The high priority assigned by the government to national education was reflected in the amount of money spent on it and on the existence of free schooling at all levels. Between 1967 and 1979, a total of DA171 billion was allocated for operating expenditures in this sector. In 1985 approximately 16.5 percent of the government's investment budget was devoted to education; in 1990 the education sector received 29.7 percent of the national budget.

Algeria received substantial assistance from the World Bank. Between 1973 and 1980, Algeria contracted five education loan agreements for sums totaling US$276 million. The World Bank has continued to provide funds and technical assistance in connection with a fundamental reform of education, the latest phase of which occurred in 1993. The structure of the existing basic and secondary systems was being revised, and much heavier emphasis was being given to technical and vocational schooling.

In the mid-1970s, the primary and middle education levels were reorganized into a nine-year system of compulsory basic education. Thereafter, on the secondary level, pupils followed one of three tracks--general, technical, or vocational--and then sat for the baccalaureate examination before proceeding to one of the universities, state technical institutes, or vocational training centers, or directly to employment. The process of reorganization was completed only in 1989, although in practice the basic system of schooling remained divided between the elementary level, including grades one to six, and the middle school level of grades seven to nine. Despite government support for the technical training programs meant to produce middle- and higher-level technicians for the industrial sector, a critical shortage remained of workers in fields requiring those technical skills.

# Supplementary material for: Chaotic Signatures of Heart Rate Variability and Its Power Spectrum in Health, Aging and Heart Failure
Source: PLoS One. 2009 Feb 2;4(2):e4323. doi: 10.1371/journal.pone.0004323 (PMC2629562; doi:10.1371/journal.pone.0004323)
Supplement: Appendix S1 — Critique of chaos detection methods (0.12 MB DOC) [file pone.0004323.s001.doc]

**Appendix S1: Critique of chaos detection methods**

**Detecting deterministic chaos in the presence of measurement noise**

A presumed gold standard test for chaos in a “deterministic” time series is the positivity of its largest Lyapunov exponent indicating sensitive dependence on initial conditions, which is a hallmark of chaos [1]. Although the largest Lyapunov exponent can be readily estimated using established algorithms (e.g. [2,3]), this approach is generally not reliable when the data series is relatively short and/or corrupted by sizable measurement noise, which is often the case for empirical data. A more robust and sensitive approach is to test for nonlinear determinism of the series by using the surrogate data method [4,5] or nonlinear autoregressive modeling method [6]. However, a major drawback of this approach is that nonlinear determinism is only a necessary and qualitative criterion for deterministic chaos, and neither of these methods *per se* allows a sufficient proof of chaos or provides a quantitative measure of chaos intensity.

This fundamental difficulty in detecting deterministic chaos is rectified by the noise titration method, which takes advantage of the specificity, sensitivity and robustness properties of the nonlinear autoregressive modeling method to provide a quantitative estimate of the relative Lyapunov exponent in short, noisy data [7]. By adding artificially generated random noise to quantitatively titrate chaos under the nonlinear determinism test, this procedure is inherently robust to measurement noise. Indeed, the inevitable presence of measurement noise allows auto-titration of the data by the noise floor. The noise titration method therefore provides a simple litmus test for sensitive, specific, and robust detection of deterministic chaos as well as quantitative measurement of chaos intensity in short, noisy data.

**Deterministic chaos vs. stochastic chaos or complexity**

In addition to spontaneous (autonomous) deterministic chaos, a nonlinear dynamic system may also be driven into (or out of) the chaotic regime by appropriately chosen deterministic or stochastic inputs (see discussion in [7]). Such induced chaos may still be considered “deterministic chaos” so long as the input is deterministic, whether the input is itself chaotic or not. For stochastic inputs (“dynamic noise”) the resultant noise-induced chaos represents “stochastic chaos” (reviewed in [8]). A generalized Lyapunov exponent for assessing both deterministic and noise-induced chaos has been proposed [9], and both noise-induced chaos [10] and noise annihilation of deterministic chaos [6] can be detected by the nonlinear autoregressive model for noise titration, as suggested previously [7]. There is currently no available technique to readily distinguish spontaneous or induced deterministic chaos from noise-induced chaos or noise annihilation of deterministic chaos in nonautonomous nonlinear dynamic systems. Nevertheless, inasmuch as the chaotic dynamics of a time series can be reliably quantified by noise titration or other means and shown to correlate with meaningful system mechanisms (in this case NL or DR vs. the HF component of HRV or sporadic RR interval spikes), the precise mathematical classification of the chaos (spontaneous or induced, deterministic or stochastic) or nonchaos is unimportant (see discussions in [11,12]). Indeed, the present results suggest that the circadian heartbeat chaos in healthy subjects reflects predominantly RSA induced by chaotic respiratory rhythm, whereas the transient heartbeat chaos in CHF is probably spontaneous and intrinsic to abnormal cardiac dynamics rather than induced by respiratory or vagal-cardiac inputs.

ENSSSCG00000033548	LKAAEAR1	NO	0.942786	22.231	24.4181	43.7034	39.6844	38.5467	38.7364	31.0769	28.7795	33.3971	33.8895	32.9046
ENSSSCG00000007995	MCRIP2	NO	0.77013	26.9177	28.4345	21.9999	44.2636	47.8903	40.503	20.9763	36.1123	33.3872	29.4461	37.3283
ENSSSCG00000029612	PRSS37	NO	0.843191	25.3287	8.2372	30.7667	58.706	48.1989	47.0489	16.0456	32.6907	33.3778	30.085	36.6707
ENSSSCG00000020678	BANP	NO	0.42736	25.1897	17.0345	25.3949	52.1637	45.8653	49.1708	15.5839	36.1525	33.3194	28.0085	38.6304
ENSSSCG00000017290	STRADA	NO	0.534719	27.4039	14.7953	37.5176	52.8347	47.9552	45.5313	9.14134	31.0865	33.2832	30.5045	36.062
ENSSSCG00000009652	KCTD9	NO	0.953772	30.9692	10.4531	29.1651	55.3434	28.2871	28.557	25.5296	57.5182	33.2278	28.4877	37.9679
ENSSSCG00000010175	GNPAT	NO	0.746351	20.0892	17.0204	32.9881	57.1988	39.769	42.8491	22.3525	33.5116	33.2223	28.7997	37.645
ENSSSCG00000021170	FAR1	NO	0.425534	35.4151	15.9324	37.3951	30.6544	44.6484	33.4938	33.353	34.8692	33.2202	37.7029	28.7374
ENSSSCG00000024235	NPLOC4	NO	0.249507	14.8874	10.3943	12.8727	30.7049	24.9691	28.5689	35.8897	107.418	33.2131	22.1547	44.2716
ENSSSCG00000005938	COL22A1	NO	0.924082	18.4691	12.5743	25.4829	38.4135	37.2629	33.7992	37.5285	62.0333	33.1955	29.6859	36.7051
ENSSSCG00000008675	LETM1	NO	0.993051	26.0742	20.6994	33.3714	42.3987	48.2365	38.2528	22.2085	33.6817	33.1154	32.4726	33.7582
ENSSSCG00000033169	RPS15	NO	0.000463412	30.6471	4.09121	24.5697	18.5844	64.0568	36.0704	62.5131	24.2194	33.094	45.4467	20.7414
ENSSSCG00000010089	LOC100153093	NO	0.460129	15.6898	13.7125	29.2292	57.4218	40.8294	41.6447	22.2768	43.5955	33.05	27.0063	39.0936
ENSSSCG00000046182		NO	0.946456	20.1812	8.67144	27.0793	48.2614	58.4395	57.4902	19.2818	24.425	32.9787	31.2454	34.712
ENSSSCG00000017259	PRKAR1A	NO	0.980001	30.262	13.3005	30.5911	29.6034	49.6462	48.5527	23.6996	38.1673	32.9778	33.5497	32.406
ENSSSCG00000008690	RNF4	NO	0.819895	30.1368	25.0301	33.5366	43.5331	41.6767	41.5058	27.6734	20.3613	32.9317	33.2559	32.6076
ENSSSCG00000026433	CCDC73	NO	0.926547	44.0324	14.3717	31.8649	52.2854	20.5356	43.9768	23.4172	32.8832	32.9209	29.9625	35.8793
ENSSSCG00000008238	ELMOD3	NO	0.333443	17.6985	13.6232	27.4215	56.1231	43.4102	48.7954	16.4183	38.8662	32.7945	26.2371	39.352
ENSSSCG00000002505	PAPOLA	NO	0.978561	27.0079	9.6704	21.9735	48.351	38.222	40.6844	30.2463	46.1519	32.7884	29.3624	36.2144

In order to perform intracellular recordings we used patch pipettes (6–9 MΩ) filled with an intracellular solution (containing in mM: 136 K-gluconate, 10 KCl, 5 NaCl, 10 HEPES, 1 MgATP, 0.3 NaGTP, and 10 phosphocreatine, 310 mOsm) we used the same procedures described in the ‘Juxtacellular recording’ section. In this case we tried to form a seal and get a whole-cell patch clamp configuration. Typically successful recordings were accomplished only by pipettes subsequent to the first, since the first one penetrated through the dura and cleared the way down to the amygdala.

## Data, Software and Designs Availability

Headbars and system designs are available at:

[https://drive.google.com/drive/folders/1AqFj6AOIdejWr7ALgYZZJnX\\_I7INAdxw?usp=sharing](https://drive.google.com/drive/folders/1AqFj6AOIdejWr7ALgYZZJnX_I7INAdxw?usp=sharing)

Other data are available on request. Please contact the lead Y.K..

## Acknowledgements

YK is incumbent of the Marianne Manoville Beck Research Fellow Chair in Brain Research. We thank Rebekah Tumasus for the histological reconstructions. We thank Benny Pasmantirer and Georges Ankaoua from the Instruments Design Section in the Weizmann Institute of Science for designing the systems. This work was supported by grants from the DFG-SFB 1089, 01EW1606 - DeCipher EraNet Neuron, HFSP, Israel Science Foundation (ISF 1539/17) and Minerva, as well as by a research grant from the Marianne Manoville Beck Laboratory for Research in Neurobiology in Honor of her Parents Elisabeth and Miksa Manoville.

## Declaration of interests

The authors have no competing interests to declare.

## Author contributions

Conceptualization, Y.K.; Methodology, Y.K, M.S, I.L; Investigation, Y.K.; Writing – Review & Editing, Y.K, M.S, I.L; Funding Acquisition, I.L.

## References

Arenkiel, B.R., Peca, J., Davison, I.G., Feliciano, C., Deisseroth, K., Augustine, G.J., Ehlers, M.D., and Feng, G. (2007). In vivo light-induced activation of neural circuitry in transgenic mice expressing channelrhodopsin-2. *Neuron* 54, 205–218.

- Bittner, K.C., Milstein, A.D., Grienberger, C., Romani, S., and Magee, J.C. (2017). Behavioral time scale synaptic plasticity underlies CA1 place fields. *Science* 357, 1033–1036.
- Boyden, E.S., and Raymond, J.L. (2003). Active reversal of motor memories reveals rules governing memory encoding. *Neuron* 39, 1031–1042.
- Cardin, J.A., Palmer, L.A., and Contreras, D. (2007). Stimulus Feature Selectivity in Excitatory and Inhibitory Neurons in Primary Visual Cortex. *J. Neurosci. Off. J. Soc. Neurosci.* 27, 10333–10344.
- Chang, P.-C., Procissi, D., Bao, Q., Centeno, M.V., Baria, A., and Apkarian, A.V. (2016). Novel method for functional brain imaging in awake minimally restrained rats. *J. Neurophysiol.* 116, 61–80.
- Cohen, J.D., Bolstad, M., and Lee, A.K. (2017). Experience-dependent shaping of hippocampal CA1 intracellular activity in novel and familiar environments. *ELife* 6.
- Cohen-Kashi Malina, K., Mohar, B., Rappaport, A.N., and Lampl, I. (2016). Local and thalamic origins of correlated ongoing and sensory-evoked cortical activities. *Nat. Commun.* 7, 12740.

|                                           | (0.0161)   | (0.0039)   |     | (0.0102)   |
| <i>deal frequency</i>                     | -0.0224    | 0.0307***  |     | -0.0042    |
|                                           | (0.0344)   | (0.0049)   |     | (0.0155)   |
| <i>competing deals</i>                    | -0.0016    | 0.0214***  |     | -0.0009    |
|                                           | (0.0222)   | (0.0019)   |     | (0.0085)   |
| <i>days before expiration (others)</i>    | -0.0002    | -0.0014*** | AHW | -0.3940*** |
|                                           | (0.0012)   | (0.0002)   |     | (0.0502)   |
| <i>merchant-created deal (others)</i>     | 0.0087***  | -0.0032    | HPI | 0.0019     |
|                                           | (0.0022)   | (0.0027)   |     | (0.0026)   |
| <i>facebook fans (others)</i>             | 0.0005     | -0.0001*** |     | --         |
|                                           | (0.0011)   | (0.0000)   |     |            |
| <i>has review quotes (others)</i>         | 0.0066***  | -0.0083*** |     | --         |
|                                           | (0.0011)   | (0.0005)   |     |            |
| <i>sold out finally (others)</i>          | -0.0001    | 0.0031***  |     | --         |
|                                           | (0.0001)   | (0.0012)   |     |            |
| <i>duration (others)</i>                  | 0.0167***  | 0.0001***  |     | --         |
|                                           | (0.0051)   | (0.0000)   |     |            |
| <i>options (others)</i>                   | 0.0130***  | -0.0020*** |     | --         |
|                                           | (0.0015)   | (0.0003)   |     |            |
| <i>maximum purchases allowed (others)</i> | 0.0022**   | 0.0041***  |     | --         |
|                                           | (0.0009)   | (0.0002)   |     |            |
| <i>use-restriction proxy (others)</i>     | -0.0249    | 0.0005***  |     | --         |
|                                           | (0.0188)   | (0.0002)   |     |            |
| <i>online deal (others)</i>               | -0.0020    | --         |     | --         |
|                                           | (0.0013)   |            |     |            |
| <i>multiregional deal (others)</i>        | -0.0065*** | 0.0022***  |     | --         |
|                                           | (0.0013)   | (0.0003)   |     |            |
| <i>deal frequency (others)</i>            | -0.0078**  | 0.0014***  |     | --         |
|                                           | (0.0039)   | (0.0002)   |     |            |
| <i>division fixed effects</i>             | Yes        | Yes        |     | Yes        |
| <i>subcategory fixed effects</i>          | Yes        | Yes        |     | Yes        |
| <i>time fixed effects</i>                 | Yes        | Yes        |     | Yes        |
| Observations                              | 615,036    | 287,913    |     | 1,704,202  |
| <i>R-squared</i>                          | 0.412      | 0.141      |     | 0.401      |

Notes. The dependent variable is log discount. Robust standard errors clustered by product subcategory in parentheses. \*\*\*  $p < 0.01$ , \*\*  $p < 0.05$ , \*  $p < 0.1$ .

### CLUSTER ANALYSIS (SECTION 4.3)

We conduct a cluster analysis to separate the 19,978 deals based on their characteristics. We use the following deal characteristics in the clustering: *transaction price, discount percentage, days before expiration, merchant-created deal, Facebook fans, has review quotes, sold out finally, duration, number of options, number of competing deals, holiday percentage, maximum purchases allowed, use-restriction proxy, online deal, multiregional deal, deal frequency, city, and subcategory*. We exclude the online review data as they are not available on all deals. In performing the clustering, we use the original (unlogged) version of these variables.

The reforms of the mid-1970s included abolishing all private education. Formerly, private education was primarily the realm of foreign institutions and schools often run by Roman Catholic missions. Legislation passed in 1975 stipulated that education was compulsory for nine years between the ages of six and fifteen, and that it would be free at all levels. The Ministry of National Education and the Ministry of Higher Education were assigned sole responsibility for providing and regulating the education system.